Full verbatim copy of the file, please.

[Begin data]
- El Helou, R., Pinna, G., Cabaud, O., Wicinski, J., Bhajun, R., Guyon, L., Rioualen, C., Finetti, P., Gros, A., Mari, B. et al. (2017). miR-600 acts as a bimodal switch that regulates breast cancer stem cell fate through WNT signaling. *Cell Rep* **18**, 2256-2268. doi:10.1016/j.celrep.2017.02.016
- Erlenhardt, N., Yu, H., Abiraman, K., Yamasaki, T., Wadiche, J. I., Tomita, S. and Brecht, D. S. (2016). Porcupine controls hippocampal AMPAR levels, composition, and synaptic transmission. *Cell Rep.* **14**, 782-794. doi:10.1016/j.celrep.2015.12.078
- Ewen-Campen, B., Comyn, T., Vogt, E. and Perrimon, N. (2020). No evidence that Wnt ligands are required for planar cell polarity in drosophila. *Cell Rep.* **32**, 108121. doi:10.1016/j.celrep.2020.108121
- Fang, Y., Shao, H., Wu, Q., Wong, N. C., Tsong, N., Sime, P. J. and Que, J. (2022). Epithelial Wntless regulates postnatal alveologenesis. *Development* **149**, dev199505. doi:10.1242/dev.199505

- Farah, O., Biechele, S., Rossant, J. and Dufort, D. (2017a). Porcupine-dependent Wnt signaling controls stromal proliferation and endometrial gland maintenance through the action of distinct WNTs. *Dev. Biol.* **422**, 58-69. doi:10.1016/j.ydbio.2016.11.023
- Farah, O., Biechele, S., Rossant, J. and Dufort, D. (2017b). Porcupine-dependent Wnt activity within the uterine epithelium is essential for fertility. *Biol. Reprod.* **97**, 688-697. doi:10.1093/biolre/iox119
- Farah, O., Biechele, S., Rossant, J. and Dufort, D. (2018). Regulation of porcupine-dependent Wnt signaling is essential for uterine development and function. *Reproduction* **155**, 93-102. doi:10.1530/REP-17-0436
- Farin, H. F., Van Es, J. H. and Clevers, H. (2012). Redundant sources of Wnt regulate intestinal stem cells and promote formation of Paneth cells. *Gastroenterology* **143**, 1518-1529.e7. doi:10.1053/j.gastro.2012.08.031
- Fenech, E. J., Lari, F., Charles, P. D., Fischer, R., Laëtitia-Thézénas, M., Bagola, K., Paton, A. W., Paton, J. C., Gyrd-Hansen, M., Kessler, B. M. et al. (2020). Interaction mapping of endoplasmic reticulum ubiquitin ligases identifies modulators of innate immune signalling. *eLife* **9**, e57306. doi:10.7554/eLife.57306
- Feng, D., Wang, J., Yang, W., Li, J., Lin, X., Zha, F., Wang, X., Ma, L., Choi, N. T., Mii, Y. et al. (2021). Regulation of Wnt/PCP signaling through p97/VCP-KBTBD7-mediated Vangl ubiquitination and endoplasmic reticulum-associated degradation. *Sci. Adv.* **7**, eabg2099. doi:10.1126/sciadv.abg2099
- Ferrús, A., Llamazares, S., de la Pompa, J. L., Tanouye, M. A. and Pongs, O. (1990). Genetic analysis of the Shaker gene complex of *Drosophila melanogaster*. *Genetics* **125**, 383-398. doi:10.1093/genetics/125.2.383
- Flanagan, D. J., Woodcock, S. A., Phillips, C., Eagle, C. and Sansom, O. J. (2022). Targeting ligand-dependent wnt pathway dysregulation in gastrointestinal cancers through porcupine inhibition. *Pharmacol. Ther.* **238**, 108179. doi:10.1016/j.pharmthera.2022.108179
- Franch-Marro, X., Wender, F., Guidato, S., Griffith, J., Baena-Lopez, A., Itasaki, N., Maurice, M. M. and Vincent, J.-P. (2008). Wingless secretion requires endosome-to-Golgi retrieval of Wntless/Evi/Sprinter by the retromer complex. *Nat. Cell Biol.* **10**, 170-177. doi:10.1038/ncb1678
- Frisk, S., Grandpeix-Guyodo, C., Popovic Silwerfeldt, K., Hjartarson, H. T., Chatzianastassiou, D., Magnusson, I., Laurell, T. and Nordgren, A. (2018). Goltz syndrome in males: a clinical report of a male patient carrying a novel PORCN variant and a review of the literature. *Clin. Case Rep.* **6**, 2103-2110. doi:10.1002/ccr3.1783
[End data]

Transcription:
- El Helou, R., Pinna, G., Cabaud, O., Wicinski, J., Bhajun, R., Guyon, L., Rioualen, C., Finetti, P., Gros, A., Mari, B. et al. (2017). miR-600 acts as a bimodal switch that regulates breast cancer stem cell fate through WNT signaling. *Cell Rep* **18**, 2256-2268. doi:10.1016/j.celrep.2017.02.016
- Erlenhardt, N., Yu, H., Abiraman, K., Yamasaki, T., Wadiche, J. I., Tomita, S. and Brecht, D. S. (2016). Porcupine controls hippocampal AMPAR levels, composition, and synaptic transmission. *Cell Rep.* **14**, 782-794. doi:10.1016/j.celrep.2015.12.078
- Ewen-Campen, B., Comyn, T., Vogt, E. and Perrimon, N. (2020). No evidence that Wnt ligands are required for planar cell polarity in drosophila. *Cell Rep.* **32**, 108121. doi:10.1016/j.celrep.2020.108121
- Fang, Y., Shao, H., Wu, Q., Wong, N. C., Tsong, N., Sime, P. J. and Que, J. (2022). Epithelial Wntless regulates postnatal alveologenesis. *Development* **149**, dev199505. doi:10.1242/dev.199505

- Farah, O., Biechele, S., Rossant, J. and Dufort, D. (2017a). Porcupine-dependent Wnt signaling controls stromal proliferation and endometrial gland maintenance through the action of distinct WNTs. *Dev. Biol.* **422**, 58-69. doi:10.1016/j.ydbio.2016.11.023
- Farah, O., Biechele, S., Rossant, J. and Dufort, D. (2017b). Porcupine-dependent Wnt activity within the uterine epithelium is essential for fertility. *Biol. Reprod.* **97**, 688-697. doi:10.1093/biolre/iox119
- Farah, O., Biechele, S., Rossant, J. and Dufort, D. (2018). Regulation of porcupine-dependent Wnt signaling is essential for uterine development and function. *Reproduction* **155**, 93-102. doi:10.1530/REP-17-0436
- Farin, H. F., Van Es, J. H. and Clevers, H. (2012). Redundant sources of Wnt regulate intestinal stem cells and promote formation of Paneth cells. *Gastroenterology* **143**, 1518-1529.e7. doi:10.1053/j.gastro.2012.08.031
- Fenech, E. J., Lari, F., Charles, P. D., Fischer, R., Laëtitia-Thézénas, M., Bagola, K., Paton, A. W., Paton, J. C., Gyrd-Hansen, M., Kessler, B. M. et al. (2020). Interaction mapping of endoplasmic reticulum ubiquitin ligases identifies modulators of innate immune signalling. *eLife* **9**, e57306. doi:10.7554/eLife.57306
- Feng, D., Wang, J., Yang, W., Li, J., Lin, X., Zha, F., Wang, X., Ma, L., Choi, N. T., Mii, Y. et al. (2021). Regulation of Wnt/PCP signaling through p97/VCP-KBTBD7-mediated Vangl ubiquitination and endoplasmic reticulum-associated degradation. *Sci. Adv.* **7**, eabg2099. doi:10.1126/sciadv.abg2099
- Ferrús, A., Llamazares, S., de la Pompa, J. L., Tanouye, M. A. and Pongs, O. (1990). Genetic analysis of the Shaker gene complex of *Drosophila melanogaster*. *Genetics* **125**, 383-398. doi:10.1093/genetics/125.2.383
- Flanagan, D. J., Woodcock, S. A., Phillips, C., Eagle, C. and Sansom, O. J. (2022). Targeting ligand-dependent wnt pathway dysregulation in gastrointestinal cancers through porcupine inhibition. *Pharmacol. Ther.* **238**, 108179. doi:10.1016/j.pharmthera.2022.108179
- Franch-Marro, X., Wender, F., Guidato, S., Griffith, J., Baena-Lopez, A., Itasaki, N., Maurice, M. M. and Vincent, J.-P. (2008). Wingless secretion requires endosome-to-Golgi retrieval of Wntless/Evi/Sprinter by the retromer complex. *Nat. Cell Biol.* **10**, 170-177. doi:10.1038/ncb1678
- Frisk, S., Grandpeix-Guyodo, C., Popovic Silwerfeldt, K., Hjartarson, H. T., Chatzianastassiou, D., Magnusson, I., Laurell, T. and Nordgren, A. (2018). Goltz syndrome in males: a clinical report of a male patient carrying a novel PORCN variant and a review of the literature. *Clin. Case Rep.* **6**, 2103-2110. doi:10.1002/ccr3.1783